Here we take a look at players who had other jobs before they became renowned cricketers.

Ticket collector (MS Dhoni)

Indian wicketkeeper Mahender Dhoni, who

The legendary India wicketkeeper batsman and former captain was a ticket collector with the Indian Railways in Kharagpur, eastern India. According to the Telegraph India, Dhoni’s job included “going from one platform to another to hand over “quota charts” to ticket examiners of long-distance trains that stopped at the main railway junction of Kharagpur”.

Pipe factory worker (Mohammad Irfan)

The Pakistan left-arm fast bowler initially had to give up cricket to work in a plastic pipe factory and support his family. However, help from Pakistan cricket supporters helped him resume his career. Thereafter, a recommendation from Wasim Akram saw Irfan fast-tracked into the national team.

Policeman (Shane Bond)

New Zealand’s former fast bowler Shane Bond revealed how the unforgiving job of a traffic cop helped improve his mental strength and ability to cope with stressful situations. “That job took me out of my comfort zone, placed me in stressful situations, helped my self-confidence and prepared me pretty well for international cricket,” Bond had said.

Army man (Sheldon Cottrell)

West Indies left-arm fast bowler Cottrell served as a private in the Jamaica Defence Force. Has incorporated that part of his life into his cricket as he celebrates his wickets by marching past the batsman and giving an army man’s salute.

Sailor (Fakhar Zaman)

Fakhar Zaman

Pakistan batsman Zaman joined the Pakistan Navy as a sailor in 2007 after receiving his schooling and training at Pakistan Navy School. During his time as a sailor, Zaman played inter-departmental cricket matches.

Zaman left the Navy in 2013 and was guided by star batsman Younis Khan in his cricketing journey which culminated in his match-winning century against India in the Champions Trophy final.

Undertaker (Hanson Carter)

Australian wicketkeeper Hanson Carter had one of the toughest jobs on the planet – that of an undertaker. According to ESPNCricinfo, The Sydney man was once tasked with organising the funeral of his team-mate Victor Trumper who died aged 37 in 1915.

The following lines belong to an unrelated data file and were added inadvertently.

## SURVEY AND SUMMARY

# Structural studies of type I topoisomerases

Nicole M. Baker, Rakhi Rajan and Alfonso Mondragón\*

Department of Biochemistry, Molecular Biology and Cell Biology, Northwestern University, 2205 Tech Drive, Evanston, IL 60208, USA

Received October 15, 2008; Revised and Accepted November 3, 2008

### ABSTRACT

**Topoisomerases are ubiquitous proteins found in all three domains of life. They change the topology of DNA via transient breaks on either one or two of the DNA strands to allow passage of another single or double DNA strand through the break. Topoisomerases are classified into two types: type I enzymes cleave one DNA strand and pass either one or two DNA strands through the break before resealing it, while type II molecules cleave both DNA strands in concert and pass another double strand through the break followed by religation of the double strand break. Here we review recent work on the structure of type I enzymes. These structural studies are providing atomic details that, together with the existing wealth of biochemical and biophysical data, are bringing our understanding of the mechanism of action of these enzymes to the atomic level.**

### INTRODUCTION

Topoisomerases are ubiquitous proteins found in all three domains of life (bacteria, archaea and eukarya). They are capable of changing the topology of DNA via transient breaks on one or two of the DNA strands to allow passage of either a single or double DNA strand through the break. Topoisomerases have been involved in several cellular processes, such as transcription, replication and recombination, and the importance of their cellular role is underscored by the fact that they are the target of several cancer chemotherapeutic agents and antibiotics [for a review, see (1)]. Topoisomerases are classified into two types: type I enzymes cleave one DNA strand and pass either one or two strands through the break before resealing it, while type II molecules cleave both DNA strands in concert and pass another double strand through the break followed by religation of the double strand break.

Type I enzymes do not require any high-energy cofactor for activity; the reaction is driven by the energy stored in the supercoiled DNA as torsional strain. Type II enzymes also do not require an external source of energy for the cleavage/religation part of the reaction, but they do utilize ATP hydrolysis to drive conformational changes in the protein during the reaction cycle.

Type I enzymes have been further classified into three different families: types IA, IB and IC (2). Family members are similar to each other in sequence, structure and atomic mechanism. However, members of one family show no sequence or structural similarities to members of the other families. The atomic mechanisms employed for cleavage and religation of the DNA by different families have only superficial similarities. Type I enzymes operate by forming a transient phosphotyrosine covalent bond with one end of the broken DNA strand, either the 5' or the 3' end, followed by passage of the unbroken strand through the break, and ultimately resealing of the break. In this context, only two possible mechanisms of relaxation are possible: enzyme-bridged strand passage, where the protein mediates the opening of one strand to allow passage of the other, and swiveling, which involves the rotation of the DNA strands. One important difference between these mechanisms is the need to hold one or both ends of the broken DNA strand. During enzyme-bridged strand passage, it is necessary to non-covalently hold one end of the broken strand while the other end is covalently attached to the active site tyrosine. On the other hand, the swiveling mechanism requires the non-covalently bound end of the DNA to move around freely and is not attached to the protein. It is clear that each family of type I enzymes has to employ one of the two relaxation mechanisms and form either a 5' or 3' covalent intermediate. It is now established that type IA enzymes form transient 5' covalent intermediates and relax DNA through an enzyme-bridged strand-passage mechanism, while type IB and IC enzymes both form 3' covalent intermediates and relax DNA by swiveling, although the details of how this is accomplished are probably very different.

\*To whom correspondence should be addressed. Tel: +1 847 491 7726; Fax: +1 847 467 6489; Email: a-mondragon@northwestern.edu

Chicken farmer (Eddo Brandes)

One of the most famous chicken farmers in the world. The Zimbabwe fast bowler said since players during his time were amateurs, he needed a steady source of income and therefore got into the chicken business as his family was already into farming. Moved on to tomato farming. Famously took 4-21 to beat England in the 1992 World Cup.

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Emotional end to Pakistan star Shahid Afridi's international career at Lord's

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Afridi bid farewell to international cricket at Lord's.

Pakistan star all-rounder Shahid Afridi received an emotional send-off in his final international assignment as the West Indies registered a 72-run win over the World XI at Lord’s in the Hurricane Relief Twenty20 Challenge.

Afridi was named captain of the World XI after Eoin Morgan pulled out due to a finger injury. The match was held to raise funds to help rebuild venues in the Caribbean damaged by Hurricanes Irma and Maria last year.

Afridi, who retired from international cricket two years ago, was given a guard of honour at Lord’s.

“That’s something I’ll never forget,” said the all-rounder called ‘Boom Boom’ by his fans.

“For that to happen at the home of cricket, it’s massive. The cause was everything tonight, and to have been able to help, it’s fantastic. Thanks to everyone who came out and supported this.”

During the match, Afridi was asked by commentator Nasser Hussain if there is any possibility of another comeback. The all-rounder, suffering from a persistent knee injury, said: “No that’s it. You can see my situation with the injury.”

Afridi donated $20,000 to Hurricane Relief from his foundation, while all the players donated their match fees to the charity.